6. Backfill the hole, layer by layer, with the dirt and soil set aside. Slightly press down on the patch of dirt around the roots. Add potting soil up to ground level and the root flare, without covering the latter.

  7. Make a border or a basin-like shape with the dirt around the tree to favour watering.

  8. Water abundantly and deeply, and add dirt as needed.

  9. Lay some mulch or a ground protective material around the border or in the dirt, basin-like shape, ensuring the mulch isn’t directly touching the trunk. Water to ensure it holds in place.

  10. Remove the protective material and everything around the trunk: ropes, tags, etc.

How to Plant a Balled-and-Burlapped Tree

  1. Clear the bottom section of the burlapped root ball to locate the flare and tree. Measure the height of the root ball up to that point. The measurement obtained will dictate the depth of the pit. The size of the cavity must be twice as big as the burlapped root ball. 

  2. Dig a pit that’s big and deep enough, with sloping side walls. Fertilize the soil that’s been removed.

  3. Prune the dead, sick, broken, or crisscrossing branches.

  4. Drop the root ball in the planting hole while also ensuring that the tree is very straight and that the flare is level with the ground.

  5. Remove every single part of the geotextile mesh or any other non-biodegradable material. If the root ball is wrapped in a wire mesh or a rope-wrapped burlap, gently free the upper middle section of the root ball. Cut and re-wrap the burlap and the wire mesh toward to bottom of the hole. Cut and remove the rope that’s holding the burlap in place.

  6. Add a supporting stake along the tree’s trunk.

  7. Backfill the hole, layer by layer, with the dirt and soil set aside. Slightly press down on the patch of dirt around the roots. Add potting soil up to the existing ground level and the root flare, without covering the latter.

  8. Make a border or a basin-like shape with the dirt around the tree to favour watering.

  9. Water abundantly and deeply, and add dirt as needed.

  10. Lay some mulch or a ground protective material around the border or in the dirt, basin-like shape, ensuring the mulch isn’t directly touching the trunk. Water to make sure it holds in place.

  11. Remove the protective material and everything around the trunk: ropes, tags, etc.

How to Plant a Potted Tree  

Source: Canva

  1. Cut the dead, sick, broken, or crisscrossing branches.

  2. Gently remove the plant from its pot ensuring the root ball isn’t damaged.

  3. If needed, prune the spiral-shaped roots.

  4. Clear the top section of the root ball to locate the plant’s flare. Measure the height of the root ball from this point. This measurement equals the depth of the planting hole. The depth of this cavity must be twice as big as the root ball itself. 

  5. Dig a planting hole that’s big and deep enough, with sloping side walls. If you choose to plant a hedge or create a plant bed, dig continuous cavities. Fertilize the soil that was removed as needed.

  6. Drop the root balls in the pits while ensuring that the plant is set straight and the flare is level with the surrounding ground.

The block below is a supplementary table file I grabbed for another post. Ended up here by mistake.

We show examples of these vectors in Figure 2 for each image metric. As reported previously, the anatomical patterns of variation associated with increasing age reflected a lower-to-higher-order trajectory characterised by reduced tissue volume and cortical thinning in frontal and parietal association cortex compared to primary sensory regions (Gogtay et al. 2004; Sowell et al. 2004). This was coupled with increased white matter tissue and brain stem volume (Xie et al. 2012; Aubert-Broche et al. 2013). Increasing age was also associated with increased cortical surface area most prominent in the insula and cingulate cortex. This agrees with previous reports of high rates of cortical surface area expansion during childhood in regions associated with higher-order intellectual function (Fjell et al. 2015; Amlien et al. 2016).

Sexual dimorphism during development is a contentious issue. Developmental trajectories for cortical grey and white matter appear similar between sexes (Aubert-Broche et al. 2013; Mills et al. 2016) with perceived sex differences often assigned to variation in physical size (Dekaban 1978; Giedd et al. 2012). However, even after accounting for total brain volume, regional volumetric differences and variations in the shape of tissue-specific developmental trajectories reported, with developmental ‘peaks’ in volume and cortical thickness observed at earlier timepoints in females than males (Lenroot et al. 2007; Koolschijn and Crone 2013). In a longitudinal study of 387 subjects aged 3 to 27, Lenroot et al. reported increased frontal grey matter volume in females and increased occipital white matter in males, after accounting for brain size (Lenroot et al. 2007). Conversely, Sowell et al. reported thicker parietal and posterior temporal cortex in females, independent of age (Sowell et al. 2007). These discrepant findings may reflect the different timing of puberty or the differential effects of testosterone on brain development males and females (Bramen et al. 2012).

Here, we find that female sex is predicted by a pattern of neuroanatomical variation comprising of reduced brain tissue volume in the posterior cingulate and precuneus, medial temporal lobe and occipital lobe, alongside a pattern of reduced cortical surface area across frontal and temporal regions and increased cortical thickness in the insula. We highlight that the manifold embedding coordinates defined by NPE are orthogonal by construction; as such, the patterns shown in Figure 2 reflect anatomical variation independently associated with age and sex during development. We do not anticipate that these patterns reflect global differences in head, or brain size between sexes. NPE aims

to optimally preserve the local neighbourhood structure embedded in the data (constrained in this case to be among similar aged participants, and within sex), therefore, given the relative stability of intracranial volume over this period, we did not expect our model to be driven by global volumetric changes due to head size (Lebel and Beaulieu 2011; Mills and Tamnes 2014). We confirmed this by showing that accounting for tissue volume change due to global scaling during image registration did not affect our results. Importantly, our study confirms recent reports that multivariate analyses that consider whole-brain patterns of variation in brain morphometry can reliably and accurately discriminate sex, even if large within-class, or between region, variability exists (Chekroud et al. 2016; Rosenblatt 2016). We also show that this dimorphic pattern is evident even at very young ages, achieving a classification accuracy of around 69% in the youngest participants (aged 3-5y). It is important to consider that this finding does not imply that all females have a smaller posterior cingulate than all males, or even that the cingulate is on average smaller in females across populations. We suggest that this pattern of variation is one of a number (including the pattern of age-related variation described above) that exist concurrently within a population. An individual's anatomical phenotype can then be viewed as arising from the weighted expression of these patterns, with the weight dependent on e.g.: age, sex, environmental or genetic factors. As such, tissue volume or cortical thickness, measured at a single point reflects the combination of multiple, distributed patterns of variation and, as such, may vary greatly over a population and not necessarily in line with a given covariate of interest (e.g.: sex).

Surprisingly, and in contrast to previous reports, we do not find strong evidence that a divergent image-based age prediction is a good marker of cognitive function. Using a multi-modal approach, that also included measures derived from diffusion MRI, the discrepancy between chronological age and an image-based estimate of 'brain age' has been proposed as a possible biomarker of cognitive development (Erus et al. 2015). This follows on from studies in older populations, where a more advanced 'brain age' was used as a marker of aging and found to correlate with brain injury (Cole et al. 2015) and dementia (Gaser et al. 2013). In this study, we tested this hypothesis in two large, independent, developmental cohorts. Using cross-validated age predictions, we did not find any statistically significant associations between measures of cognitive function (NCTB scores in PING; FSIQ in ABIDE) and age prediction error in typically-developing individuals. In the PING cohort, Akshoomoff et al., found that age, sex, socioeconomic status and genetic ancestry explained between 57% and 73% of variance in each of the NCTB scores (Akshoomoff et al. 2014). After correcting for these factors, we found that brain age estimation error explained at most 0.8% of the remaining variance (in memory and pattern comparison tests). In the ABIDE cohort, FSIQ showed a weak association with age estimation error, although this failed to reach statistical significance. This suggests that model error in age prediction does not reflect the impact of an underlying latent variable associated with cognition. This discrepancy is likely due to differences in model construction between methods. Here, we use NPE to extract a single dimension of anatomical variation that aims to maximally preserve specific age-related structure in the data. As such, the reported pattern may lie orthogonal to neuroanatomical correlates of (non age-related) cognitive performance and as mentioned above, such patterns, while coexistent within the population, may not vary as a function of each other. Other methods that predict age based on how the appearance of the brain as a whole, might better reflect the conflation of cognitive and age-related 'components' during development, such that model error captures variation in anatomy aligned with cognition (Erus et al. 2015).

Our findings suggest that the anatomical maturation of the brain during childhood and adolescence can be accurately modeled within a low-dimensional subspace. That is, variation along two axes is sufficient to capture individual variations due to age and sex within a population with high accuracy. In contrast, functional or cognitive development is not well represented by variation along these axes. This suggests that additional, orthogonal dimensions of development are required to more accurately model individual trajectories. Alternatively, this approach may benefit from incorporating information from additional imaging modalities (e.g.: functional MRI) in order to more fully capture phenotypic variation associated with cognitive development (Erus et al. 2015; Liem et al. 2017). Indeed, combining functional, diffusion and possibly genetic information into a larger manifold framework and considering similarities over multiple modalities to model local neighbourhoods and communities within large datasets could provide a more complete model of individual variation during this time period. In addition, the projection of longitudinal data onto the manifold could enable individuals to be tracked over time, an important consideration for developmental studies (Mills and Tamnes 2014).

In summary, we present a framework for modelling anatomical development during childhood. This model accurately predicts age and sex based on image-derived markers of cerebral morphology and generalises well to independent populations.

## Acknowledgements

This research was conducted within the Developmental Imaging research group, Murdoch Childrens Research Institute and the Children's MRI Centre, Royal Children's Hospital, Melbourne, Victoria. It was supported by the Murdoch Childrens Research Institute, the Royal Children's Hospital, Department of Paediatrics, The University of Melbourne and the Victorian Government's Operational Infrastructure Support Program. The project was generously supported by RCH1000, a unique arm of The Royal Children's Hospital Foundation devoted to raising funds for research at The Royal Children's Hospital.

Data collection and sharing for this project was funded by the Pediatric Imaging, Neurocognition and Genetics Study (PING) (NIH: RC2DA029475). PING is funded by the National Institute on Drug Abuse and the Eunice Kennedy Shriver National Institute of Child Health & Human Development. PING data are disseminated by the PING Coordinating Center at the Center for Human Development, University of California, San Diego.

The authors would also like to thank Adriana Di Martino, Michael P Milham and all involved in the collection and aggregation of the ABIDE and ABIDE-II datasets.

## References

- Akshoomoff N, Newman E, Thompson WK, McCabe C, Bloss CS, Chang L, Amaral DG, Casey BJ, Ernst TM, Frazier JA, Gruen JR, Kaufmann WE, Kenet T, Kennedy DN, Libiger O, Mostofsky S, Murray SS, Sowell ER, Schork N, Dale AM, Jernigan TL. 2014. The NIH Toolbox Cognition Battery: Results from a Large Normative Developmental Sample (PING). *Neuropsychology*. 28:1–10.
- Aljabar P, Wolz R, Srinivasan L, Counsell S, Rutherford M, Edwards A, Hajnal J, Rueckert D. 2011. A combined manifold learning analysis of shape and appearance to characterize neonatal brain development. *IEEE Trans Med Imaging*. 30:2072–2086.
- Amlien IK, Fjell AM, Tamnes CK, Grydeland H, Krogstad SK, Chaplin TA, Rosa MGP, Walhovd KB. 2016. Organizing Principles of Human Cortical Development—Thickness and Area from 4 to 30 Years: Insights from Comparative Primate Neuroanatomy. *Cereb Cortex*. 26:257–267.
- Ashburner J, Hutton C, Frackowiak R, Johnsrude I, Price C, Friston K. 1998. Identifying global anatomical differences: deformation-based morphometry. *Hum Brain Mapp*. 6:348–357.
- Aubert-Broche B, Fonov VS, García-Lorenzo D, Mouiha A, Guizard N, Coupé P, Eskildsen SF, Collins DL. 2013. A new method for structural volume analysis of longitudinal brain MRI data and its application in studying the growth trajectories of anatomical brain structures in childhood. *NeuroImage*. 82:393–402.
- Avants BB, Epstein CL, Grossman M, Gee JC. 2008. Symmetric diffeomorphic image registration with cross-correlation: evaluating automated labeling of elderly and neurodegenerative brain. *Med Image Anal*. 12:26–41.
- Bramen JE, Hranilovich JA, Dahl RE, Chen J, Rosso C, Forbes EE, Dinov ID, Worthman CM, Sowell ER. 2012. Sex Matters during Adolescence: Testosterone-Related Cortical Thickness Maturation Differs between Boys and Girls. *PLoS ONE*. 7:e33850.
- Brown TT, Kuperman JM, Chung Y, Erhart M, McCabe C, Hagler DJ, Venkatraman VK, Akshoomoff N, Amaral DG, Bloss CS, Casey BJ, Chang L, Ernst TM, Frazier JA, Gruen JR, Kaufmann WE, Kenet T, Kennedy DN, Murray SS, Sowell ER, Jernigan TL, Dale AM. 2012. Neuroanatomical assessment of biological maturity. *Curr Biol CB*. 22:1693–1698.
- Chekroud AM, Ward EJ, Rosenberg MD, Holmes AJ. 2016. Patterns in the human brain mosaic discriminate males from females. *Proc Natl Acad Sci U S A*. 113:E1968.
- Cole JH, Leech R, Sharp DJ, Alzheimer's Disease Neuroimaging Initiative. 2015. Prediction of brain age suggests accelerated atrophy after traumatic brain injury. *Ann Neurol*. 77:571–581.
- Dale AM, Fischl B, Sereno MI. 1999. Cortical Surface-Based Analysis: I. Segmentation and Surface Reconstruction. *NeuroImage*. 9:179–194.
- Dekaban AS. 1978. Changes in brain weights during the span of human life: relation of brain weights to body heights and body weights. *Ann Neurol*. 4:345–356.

7. Add a supporting stake along the tree trunk, if needed.

  8. Backfill the hole, layer by layer, with the dirt and soil set aside. Slightly press down on the patch of dirt around the roots. Add potting soil up to the ground level and the root flare, without covering the latter.

  9. Make a border or a basin-like shape with the dirt around the planting hole to favour watering.

  10. Water abundantly and deeply, and add dirt as needed.

  11. Lay some mulch or a ground protective material around the border or in the dirt, basin-like shape, ensuring the mulch isn’t directly touching the trunk. Water to make sure it holds.

  12. Remove the protective material and everything around the trunk: ropes, tags, etc.

How to Plant a Tree in Poorly Drained Soil

If the soil is either too dense or poorly drained, you'll have to set up a drainage system by reshaping or raising the ground so that the tree can survive. Since such operations are complex and costly, the Espace pour la vie (Space for Life) website suggests another option: planting in an artificially raised ground. Follow these simple steps:

  1. If you’re working with a potted tree, you’ll have to remove it from its pot and prune its spiral-shaped roots.

  2. Clear the top section of the root ball to locate the plant’s flare. Measure the height of the root ball from this point. 

  3. Dig a hole two-thirds the height of the root ball and three times the width of the root ball. The walls of the dug-out pit must be sloped. 

  4. Don't add any amendments or fertilizers to the soil that has been set aside, or gravel at the bottom of the pit.

  5. Drop the root ball in the hole while ensuring the tree is set straight.

  6. Clear the top half of the tree.

  7. Place a stake against the tree trunk if needed.

  8. Backfill the hole, layer by layer, with the dirt and soil set aside. If needed, use firmer soil to shape out a small mound with a height that doesn’t exceed a third of the root ball, otherwise, the roots will dry out fast. 

  9. Avoid making a border or basin-like shape for watering purposes. Water freely and deeply, and add soil as needed.

  10. Don’t add mulch or soil protective materials.

  11. Remove the protective material and everything else around the trunk: ropes, tags, etc. 

Do you have to stake a young tree?

Source: Canva